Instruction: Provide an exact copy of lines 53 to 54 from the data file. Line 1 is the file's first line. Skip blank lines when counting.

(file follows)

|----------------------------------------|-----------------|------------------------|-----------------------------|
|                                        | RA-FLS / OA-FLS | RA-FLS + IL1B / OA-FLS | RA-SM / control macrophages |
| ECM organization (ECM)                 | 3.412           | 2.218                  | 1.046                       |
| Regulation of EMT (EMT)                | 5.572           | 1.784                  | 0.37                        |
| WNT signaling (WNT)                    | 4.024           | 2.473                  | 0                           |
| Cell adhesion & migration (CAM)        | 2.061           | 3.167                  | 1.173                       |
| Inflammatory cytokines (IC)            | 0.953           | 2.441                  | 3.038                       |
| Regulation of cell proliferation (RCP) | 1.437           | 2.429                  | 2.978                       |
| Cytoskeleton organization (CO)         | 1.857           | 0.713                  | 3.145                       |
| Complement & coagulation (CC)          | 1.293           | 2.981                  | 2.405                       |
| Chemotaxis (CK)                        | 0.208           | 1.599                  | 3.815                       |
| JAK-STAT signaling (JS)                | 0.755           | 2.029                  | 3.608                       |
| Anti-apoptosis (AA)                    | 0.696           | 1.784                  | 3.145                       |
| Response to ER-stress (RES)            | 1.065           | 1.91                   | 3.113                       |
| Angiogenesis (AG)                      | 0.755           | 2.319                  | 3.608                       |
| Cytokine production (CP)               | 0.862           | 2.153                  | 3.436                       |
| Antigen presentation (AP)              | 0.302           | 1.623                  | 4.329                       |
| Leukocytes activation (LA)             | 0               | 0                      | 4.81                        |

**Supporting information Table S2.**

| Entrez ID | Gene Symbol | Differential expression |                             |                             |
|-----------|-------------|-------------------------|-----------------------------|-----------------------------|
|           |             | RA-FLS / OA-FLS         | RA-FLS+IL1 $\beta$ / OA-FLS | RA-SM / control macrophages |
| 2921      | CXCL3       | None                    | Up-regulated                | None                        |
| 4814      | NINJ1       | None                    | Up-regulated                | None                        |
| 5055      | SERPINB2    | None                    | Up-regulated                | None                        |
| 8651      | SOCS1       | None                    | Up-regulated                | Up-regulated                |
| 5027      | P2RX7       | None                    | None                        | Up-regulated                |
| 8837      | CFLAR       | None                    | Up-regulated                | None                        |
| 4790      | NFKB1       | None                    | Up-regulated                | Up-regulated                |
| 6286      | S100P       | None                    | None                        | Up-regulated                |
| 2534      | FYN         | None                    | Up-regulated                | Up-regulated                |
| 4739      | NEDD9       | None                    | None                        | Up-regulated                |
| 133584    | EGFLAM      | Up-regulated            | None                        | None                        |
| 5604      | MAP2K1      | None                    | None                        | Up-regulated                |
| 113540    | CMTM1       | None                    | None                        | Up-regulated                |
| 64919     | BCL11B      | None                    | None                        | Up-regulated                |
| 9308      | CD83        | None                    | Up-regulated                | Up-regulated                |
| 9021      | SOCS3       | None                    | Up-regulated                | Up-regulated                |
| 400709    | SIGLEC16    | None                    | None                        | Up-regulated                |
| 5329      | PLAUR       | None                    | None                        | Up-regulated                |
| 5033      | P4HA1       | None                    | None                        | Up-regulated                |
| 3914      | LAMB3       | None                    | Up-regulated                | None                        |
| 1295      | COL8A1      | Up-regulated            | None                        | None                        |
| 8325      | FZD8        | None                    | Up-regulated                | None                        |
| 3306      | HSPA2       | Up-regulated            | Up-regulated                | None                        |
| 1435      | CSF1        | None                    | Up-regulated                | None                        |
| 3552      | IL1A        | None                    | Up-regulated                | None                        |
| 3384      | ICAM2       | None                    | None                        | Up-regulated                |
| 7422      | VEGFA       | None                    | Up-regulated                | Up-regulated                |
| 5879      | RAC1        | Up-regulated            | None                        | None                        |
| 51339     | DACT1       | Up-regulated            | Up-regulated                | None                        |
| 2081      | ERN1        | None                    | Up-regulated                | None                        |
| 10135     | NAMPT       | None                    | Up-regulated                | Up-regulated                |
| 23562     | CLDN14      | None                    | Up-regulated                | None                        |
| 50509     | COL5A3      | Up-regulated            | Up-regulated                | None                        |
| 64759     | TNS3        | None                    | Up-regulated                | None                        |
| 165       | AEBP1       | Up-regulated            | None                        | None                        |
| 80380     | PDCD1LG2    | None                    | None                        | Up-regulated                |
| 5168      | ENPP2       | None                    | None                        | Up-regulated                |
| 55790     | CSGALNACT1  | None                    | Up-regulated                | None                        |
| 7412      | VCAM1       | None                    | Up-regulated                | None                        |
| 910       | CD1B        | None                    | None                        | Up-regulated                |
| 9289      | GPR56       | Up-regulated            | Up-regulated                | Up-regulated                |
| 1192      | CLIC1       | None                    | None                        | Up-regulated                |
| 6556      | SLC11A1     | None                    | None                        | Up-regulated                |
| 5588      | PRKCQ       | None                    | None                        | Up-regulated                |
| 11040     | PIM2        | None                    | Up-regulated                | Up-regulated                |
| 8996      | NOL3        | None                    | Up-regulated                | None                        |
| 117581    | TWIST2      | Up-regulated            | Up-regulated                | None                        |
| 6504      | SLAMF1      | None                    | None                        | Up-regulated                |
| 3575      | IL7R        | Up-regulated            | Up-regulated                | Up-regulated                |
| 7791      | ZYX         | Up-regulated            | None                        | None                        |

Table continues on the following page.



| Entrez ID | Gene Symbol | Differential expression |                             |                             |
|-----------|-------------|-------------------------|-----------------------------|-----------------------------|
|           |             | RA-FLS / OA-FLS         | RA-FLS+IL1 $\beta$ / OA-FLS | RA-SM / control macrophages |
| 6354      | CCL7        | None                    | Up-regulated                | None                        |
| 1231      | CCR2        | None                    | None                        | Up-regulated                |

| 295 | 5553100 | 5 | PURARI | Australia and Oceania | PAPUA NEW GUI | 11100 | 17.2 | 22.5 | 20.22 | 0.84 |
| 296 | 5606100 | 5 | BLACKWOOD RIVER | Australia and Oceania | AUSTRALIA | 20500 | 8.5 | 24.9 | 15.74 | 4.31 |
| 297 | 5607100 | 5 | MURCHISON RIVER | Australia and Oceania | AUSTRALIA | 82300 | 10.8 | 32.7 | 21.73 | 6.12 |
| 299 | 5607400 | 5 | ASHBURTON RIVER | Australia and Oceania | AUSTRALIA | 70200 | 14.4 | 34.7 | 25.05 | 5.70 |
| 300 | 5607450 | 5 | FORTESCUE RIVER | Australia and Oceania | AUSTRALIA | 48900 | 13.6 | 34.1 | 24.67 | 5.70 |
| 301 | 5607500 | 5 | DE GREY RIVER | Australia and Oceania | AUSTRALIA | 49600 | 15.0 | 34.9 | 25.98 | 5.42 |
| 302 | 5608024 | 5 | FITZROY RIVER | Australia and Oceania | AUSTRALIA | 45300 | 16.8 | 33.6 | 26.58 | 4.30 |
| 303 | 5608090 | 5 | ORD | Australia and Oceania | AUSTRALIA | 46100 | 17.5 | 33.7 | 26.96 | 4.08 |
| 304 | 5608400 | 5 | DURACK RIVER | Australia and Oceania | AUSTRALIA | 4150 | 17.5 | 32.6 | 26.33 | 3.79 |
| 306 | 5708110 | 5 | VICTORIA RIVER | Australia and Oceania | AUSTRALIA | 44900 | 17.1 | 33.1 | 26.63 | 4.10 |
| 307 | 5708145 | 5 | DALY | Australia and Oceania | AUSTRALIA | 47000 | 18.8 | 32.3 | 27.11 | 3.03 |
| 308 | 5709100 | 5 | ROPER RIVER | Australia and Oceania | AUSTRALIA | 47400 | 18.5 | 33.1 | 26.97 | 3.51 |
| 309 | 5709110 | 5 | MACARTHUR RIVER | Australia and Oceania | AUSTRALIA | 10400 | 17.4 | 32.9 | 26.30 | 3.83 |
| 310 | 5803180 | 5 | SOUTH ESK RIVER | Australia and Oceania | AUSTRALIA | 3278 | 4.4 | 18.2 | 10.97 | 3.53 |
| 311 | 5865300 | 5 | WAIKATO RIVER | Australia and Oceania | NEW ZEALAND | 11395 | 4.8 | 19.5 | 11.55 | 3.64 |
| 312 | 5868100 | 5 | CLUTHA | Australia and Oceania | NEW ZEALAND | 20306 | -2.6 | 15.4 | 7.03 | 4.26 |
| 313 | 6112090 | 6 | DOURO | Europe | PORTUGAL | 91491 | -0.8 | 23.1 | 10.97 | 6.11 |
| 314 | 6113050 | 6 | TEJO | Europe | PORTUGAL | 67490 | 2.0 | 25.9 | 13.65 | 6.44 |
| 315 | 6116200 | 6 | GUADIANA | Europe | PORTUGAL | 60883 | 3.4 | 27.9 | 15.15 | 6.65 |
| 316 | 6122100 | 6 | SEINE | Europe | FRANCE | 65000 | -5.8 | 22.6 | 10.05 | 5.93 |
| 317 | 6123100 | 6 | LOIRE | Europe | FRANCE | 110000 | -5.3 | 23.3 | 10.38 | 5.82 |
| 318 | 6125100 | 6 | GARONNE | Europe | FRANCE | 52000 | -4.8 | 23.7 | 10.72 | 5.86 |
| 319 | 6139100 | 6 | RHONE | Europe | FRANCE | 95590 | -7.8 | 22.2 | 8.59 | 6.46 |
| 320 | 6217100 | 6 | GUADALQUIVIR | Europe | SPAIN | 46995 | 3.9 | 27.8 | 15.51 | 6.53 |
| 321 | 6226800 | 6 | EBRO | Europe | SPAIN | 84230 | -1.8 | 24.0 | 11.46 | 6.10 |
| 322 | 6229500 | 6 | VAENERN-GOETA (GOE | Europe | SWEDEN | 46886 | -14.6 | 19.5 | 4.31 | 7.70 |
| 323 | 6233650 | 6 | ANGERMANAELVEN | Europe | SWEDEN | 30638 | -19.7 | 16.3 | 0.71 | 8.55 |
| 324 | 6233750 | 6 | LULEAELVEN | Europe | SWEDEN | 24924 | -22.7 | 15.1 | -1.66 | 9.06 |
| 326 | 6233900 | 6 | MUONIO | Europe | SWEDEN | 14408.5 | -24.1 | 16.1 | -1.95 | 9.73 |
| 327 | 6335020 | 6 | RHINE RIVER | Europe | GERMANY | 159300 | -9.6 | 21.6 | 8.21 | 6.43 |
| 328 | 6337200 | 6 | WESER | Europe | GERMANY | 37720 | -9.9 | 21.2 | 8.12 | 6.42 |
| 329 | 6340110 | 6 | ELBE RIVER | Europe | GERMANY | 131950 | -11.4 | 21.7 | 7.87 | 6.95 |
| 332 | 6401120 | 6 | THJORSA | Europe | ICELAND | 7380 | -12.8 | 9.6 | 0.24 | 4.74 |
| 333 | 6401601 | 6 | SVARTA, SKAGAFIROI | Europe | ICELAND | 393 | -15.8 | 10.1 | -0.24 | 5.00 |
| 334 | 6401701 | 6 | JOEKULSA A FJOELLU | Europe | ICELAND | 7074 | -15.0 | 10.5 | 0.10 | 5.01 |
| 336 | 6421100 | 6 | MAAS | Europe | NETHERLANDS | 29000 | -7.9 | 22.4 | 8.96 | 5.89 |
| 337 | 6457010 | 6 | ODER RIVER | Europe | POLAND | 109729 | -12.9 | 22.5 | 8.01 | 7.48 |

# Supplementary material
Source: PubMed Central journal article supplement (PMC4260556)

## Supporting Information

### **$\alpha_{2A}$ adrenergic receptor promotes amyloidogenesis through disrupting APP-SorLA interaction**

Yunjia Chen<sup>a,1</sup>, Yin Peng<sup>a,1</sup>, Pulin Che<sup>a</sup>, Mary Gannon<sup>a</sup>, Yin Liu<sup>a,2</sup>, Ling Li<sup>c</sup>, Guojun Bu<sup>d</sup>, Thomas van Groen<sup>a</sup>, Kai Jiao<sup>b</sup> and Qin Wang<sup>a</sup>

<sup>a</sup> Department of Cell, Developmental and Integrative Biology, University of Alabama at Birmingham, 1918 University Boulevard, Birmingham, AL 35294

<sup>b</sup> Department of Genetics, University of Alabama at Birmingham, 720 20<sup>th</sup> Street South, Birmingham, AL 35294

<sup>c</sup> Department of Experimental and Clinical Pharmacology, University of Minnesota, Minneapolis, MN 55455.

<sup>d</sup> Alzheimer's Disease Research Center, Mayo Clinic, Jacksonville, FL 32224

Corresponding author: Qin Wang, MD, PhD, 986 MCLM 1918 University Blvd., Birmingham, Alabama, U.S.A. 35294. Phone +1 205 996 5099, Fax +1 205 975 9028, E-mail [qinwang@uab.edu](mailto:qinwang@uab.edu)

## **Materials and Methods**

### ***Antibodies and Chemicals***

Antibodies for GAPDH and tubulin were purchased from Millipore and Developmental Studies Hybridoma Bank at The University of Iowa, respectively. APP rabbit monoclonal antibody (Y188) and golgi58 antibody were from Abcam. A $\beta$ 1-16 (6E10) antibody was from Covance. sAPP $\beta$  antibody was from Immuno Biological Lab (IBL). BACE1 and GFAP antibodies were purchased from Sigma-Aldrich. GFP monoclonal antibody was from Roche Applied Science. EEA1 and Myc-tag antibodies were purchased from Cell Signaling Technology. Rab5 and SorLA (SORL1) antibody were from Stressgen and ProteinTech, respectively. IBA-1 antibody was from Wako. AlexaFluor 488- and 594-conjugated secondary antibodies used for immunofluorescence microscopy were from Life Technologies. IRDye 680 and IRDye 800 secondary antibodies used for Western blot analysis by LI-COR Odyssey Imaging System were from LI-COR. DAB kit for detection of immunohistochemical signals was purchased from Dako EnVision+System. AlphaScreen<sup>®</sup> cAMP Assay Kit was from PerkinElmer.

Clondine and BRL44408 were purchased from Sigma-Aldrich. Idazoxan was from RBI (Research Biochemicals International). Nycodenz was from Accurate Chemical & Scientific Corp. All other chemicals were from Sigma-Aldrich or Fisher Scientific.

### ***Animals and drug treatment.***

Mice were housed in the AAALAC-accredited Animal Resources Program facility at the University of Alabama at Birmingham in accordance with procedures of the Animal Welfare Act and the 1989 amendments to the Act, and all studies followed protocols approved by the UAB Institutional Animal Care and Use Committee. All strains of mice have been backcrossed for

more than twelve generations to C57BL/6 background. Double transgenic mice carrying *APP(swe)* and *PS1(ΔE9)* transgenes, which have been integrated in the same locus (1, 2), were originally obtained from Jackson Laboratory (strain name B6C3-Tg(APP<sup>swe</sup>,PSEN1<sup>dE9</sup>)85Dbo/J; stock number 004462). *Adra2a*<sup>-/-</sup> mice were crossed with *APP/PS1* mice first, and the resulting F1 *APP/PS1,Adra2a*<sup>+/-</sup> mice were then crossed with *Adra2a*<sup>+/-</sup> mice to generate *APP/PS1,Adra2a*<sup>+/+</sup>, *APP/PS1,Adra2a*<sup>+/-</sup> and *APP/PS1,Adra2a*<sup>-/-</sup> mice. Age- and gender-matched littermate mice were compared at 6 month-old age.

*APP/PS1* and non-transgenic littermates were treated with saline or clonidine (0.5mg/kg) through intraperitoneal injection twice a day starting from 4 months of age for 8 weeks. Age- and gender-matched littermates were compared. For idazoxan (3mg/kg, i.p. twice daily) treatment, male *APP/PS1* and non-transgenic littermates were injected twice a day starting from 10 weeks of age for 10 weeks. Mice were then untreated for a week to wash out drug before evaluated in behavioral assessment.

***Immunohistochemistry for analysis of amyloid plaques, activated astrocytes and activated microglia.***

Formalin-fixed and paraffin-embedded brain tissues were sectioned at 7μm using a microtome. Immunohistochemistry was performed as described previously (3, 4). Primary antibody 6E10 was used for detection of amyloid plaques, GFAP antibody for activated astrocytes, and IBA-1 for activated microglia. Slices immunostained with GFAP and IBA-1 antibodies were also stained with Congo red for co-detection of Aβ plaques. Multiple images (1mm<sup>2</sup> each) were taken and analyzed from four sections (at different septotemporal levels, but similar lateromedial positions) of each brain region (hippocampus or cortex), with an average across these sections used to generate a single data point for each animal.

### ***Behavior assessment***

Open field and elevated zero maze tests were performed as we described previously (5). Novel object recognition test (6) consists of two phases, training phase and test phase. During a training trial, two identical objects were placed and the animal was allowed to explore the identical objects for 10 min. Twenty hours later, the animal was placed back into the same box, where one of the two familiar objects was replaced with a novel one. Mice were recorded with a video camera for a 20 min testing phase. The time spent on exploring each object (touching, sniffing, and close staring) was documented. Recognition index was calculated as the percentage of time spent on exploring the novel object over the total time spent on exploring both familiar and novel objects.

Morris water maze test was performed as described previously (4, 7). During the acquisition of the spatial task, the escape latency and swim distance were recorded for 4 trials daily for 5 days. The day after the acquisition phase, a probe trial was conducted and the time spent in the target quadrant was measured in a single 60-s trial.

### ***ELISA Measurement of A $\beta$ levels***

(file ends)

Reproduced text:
| 10135     | NAMPT       | None                    | Up-regulated                | Up-regulated                |
| 23562     | CLDN14      | None                    | Up-regulated                | None                        |